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Matthew (1870-01-04)


Dundee Advertiser, Tuesday 4 January 1870

(Letter written Dec 28 1869, published Jan 4 1870)
In a long letter, Matthew reviews once again the many reasons why the proposed Tay Bridge scheme at Dundee is ill-advised. The chances of accident are increased by the length and height of the bridge; by the planned bend in the bridge inducing structural stresses whenever a heavy train crossed it; by the thermal expansion and contraction inherent to an iron bridge; by the difficulty in detecting cracks and imperfections in iron compared to wood; by the increased chances of a damaging lighting strike to a high iron structure; and by the varied geology at Dundee making it likely that some bridge piers would be on solid foundations and others not.

In a memorable passage, Matthew imagines the scene of carnage that would follow a catastrophic collapse of the bridge while a heavy passenger train was passing over it, and the grisly feast that would be enjoyed by the Tay’s population of eels.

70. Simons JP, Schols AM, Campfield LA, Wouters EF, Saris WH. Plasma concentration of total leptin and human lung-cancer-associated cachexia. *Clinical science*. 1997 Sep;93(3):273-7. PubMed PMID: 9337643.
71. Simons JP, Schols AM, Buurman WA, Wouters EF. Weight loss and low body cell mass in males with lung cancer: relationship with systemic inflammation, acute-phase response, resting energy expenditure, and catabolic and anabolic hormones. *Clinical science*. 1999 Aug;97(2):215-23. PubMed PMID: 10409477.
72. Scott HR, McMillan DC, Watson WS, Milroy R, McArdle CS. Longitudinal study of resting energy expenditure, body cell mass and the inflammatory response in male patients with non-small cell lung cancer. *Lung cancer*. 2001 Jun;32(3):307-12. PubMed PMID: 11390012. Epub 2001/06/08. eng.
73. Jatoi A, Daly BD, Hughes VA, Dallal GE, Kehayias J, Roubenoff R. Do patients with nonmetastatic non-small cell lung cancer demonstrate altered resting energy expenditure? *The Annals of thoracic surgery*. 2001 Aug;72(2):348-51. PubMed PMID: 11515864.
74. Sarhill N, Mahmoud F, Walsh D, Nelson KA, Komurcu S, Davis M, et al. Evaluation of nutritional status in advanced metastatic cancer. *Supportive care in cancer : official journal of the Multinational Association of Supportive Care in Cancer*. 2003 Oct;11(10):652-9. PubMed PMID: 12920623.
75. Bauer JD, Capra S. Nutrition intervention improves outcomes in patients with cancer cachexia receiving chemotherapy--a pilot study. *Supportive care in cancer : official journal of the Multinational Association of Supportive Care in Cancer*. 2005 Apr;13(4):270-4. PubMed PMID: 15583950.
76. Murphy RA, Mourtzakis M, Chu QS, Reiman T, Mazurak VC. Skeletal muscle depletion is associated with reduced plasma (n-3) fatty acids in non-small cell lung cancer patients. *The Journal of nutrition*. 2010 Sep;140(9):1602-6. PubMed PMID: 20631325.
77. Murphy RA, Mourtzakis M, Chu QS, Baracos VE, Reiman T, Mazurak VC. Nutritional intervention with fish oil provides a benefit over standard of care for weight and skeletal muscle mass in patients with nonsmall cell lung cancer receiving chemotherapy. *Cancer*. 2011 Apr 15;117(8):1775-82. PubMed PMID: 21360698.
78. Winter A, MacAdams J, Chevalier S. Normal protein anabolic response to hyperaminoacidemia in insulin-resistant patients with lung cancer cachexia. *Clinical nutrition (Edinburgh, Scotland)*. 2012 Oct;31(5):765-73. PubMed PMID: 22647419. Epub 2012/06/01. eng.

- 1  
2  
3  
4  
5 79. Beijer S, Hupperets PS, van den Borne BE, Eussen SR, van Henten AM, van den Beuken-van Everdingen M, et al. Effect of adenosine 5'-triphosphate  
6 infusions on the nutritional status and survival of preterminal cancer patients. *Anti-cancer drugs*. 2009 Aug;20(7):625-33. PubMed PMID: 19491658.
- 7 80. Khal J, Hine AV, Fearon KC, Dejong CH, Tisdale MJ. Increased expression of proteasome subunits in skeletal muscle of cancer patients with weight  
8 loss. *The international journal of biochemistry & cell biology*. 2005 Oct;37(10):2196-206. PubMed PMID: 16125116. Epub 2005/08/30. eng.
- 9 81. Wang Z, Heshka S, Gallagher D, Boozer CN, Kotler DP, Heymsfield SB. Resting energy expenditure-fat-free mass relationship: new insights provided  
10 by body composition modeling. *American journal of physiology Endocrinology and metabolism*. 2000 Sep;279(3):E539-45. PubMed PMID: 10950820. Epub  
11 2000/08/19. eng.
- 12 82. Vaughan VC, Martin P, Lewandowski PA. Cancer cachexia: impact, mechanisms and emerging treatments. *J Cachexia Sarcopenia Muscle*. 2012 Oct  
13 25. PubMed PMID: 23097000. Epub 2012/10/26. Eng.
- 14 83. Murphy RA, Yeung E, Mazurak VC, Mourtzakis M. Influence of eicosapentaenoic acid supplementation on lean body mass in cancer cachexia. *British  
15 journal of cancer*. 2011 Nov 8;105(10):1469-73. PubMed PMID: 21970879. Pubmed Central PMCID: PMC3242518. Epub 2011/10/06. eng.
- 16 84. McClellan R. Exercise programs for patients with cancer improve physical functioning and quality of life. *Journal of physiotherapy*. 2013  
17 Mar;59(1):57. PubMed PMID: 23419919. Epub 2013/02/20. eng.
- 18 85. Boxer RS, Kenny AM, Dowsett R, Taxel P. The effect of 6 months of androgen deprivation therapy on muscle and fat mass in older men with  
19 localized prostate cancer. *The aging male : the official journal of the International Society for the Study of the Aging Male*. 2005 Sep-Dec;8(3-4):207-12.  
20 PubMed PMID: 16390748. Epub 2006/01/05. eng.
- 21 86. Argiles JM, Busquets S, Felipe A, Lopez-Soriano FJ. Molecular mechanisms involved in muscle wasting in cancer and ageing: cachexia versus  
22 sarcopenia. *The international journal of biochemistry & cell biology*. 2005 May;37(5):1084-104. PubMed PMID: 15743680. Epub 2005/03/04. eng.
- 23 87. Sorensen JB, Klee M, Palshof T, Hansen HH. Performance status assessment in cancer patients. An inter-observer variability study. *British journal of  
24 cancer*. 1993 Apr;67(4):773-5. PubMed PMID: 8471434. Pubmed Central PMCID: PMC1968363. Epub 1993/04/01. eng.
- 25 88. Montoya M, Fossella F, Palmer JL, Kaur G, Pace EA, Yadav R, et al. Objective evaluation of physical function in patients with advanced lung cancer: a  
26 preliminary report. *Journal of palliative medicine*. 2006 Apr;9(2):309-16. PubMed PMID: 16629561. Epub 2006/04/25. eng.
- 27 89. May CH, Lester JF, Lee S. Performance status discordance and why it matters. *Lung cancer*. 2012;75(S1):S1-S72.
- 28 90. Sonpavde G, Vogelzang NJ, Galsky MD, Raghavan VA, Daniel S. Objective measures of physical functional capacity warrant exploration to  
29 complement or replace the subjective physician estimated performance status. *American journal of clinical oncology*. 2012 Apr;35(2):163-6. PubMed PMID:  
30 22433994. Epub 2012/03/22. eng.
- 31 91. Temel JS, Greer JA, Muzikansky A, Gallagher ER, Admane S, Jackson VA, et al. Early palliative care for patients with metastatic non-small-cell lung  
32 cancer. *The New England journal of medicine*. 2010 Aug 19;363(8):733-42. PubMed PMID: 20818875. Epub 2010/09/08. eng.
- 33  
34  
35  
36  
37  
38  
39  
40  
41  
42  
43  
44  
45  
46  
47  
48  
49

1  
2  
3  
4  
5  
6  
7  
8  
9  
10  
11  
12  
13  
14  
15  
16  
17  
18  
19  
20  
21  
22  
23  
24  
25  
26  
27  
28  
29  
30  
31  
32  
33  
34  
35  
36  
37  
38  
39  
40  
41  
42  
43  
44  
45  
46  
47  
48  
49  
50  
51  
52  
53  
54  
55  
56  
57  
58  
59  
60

Matthew predicts economic ruin for the bridge, either in the wake of such a disaster or due to the lengthy and continual repairs that would have to be performed on the bridge to prevent it, or due to passengers being unwilling to be conveyed on so high and spindly a bridge. He points out that even great engineers like Brunel and Stephenson were capable of great blunders. He also points out that in wartime it would be an easy target for demolition by the enemy.

He ends by arguing for a low bridge at Newburgh, and how advantageous this would be in comparison to the current proposed scheme.

Unfortunately, the British Newpaper Archive is missing all issues of the Dundee Advertiser for 1870. The text below has been reproduced from “Evolutionary concepts in the Nineteenth Century: Natural Selection and Patrick Matthew” (Dempster 1996).